These datasets would be structured and presented in a way that is accessible for students or scholars interested in machine learning. Students could use them to learn how to create applications that utilize machine learning, and scholars could use them in research/studies.
These datasets come in many different formats and topics. The oldest datasets in the repository date back to the late 80s, and there are some datasets that are from 2013.
Hilary Mason (a data scientist at bit.ly and speaker on the topic of Machine Learning) put together a list of "Research Quality" datasets in a bit.ly bundle specifically for this reason
It has some interesting datasets from a variety of different fields ripe for Machine Learning research
The Weka machine learning toolkit (in Java) introduced the text-based ARFF format (Attribute-Relation File Format) as a proposed standard format for machine learning datasets. Its website has a list of ARFF datasets. Some of them are discussed in the excellent Weka book that is now in its third edition: Witten, Frank, & Hall (2011): „Data mining. Practical machine learning tools and techniques“, Morgan Kaufmann Publishers, ISBN: 978-0-12-374856-0.
If you are using R, there is the R Datasets Package. In this way, the data is prepared and ready for analyis in R.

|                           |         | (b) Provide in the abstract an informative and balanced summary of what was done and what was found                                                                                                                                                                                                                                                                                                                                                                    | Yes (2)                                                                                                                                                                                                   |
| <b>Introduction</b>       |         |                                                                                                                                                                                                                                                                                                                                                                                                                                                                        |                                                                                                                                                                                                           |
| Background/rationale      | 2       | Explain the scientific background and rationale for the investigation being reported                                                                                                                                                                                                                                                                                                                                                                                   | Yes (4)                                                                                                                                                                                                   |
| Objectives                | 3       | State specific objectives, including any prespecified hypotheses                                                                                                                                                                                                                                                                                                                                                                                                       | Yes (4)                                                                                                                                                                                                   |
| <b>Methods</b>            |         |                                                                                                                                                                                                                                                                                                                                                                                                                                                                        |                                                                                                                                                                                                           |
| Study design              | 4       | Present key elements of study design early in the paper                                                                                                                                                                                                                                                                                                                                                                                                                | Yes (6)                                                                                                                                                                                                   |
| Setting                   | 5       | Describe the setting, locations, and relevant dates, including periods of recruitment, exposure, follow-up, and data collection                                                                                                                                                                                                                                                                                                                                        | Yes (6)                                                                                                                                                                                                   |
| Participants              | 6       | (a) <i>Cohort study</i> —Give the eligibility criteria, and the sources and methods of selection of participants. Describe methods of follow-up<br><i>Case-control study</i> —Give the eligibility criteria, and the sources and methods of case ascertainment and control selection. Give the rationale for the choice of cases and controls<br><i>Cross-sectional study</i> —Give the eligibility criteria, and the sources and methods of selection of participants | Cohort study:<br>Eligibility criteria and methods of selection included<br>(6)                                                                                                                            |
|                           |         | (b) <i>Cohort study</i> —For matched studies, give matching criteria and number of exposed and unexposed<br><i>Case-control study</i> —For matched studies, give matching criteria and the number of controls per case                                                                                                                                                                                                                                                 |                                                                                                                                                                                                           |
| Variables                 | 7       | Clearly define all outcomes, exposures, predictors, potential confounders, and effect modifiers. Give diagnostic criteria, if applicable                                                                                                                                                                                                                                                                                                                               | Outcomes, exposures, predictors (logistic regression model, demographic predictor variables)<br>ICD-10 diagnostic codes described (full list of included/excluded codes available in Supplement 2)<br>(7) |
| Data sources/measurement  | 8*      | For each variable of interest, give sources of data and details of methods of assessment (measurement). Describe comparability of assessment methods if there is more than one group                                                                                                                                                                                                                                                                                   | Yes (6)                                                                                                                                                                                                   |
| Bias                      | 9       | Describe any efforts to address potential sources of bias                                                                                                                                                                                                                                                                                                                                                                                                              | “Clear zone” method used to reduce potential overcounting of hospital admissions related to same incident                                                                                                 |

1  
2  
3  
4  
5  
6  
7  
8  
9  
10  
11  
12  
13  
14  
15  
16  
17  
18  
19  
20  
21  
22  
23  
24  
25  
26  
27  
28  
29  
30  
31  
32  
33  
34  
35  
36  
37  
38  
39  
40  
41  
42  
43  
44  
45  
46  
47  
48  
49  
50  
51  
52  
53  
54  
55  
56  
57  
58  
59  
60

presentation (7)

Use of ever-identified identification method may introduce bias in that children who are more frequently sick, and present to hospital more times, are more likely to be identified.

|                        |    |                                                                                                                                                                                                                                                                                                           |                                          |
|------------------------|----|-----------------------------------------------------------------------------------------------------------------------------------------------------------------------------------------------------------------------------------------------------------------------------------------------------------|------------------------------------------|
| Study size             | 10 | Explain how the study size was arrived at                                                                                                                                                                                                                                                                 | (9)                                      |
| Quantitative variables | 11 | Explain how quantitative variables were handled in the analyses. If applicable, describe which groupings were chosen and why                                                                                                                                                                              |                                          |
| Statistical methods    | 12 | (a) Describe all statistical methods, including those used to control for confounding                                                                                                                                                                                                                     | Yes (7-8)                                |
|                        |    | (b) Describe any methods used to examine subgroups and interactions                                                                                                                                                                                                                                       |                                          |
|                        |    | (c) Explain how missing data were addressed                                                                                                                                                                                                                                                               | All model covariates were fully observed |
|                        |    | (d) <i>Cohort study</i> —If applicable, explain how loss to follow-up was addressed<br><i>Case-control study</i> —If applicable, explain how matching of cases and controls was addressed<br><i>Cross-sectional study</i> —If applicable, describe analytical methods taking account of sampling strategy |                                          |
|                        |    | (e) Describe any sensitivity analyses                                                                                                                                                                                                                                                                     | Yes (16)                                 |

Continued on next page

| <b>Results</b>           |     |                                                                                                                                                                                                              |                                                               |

There are also examples of the R code, which includes how to use the library. See here for the canonical iris data set.
Other languages will also have sample datasets. In python, the scikit library is popular for machine learning and predictive analytics.
microformats are the most abundant semantic technology deployed on the web today, aka they are the biggest dataset for machine learning. as long as the html document is marked up properly, they fit all of your needs and then some. you can find sites that are deploying them in the "wild" at the wiki:
and if you do a quick web search, you'll find plenty of open source microformat parsers and scrapers, code snippets, and libs, to let your gorge on the semantic markup yumminess.
There is also MLcomp, whose concept of transparent comparison of ML algorithms is very attractive to me. Unfortunately the website is a bit dormant nowadays.
Note that most of the time datasets are grouped by machine learning task, e.g. for recommendation systems:
You might find this curated list (by some well known names in the field) interesting.